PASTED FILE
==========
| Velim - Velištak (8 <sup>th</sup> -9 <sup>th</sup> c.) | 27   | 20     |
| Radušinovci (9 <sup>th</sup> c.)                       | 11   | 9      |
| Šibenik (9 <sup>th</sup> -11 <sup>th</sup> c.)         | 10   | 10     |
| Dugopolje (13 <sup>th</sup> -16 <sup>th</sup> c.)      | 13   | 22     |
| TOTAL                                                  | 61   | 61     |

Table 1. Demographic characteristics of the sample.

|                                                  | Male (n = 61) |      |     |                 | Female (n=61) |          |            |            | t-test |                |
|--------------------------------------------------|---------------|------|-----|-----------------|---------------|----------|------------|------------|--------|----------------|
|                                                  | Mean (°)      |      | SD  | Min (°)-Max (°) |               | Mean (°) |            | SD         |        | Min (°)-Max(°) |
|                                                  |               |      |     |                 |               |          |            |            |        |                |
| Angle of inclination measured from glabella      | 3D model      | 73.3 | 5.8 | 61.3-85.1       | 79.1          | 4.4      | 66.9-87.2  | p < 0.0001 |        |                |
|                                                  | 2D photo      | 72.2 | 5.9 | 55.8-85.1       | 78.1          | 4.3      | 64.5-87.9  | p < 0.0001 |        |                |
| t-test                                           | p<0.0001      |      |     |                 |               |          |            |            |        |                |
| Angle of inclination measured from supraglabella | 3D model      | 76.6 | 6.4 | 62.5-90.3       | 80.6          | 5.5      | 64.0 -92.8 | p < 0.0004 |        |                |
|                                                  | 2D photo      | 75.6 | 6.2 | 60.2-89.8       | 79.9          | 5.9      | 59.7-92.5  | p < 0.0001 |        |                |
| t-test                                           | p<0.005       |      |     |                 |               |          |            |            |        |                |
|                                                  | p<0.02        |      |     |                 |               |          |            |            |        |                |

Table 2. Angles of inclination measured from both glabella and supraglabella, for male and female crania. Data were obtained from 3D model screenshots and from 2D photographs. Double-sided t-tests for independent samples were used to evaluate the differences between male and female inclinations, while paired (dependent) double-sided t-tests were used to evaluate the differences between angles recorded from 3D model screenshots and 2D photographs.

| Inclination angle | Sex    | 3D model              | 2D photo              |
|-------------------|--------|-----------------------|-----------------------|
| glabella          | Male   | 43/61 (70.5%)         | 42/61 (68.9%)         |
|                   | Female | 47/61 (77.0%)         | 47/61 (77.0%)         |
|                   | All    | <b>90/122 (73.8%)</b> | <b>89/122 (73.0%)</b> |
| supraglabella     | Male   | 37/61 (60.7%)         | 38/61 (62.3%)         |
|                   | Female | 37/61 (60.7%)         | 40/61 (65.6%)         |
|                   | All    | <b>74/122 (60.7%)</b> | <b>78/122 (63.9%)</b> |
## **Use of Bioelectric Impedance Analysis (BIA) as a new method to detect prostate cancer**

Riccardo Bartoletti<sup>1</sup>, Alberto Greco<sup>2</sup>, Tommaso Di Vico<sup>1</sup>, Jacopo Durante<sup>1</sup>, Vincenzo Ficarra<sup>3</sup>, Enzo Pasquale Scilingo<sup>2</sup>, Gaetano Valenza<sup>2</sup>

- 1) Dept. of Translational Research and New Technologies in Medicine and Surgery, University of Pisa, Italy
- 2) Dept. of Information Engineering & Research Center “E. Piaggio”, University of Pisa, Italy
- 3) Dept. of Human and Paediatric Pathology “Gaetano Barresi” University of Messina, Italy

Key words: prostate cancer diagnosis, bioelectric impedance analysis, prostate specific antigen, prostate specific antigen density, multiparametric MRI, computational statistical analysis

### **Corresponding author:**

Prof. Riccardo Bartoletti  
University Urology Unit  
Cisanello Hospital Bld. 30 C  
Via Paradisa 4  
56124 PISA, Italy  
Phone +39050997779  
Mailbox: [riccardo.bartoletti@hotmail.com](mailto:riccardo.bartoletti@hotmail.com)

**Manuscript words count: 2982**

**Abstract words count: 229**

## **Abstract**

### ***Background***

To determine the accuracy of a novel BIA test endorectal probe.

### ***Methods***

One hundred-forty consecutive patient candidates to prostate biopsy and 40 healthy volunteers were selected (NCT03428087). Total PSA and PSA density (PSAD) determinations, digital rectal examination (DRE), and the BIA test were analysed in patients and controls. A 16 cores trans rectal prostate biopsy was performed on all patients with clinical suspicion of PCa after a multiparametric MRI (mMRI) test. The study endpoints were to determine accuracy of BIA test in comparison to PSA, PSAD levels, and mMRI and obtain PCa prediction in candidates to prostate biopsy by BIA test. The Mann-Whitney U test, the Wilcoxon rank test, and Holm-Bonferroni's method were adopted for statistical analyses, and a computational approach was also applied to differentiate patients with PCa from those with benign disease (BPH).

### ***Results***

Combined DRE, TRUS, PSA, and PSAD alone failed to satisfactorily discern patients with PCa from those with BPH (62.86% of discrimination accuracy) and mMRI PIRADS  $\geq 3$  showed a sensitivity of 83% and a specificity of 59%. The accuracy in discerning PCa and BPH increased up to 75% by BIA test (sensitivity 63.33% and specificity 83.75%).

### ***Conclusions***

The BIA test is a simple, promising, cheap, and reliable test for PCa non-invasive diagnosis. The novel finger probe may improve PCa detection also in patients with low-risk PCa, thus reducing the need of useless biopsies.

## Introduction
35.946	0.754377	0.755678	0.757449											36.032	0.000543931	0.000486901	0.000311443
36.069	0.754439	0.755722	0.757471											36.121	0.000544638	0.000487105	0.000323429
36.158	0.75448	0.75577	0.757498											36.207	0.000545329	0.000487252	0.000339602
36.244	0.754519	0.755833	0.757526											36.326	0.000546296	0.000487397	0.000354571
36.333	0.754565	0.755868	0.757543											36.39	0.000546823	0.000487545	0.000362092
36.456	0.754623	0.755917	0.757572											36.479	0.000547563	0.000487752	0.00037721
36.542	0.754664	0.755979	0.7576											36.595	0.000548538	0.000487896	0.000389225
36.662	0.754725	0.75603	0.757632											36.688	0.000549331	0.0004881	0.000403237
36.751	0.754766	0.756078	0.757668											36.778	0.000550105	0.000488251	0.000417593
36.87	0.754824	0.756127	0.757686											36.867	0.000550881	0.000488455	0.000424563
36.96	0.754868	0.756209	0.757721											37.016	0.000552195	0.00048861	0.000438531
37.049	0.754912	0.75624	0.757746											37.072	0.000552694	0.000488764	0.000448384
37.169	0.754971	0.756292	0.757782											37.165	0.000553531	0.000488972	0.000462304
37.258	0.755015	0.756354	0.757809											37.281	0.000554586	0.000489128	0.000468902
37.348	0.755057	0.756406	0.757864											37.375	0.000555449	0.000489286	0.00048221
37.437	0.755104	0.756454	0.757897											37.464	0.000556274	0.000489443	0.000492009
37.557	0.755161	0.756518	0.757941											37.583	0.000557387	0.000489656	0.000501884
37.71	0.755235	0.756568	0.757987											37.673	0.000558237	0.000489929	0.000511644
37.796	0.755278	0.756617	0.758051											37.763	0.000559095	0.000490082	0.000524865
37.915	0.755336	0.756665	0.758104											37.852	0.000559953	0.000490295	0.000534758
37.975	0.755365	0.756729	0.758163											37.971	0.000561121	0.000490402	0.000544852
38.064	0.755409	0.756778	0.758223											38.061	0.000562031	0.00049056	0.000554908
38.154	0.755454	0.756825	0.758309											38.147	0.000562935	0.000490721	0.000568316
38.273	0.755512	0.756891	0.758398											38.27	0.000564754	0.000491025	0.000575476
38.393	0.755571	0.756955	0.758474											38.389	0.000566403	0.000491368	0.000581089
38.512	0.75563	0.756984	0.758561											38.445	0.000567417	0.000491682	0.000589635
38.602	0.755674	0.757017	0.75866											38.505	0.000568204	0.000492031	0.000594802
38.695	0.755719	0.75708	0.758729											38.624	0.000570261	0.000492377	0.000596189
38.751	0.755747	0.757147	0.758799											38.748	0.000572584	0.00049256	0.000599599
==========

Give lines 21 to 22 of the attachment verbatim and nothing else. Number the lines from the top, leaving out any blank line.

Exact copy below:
| glabella          | Male   | 43/61 (70.5%)         | 42/61 (68.9%)         |
|                   | Female | 47/61 (77.0%)         | 47/61 (77.0%)         |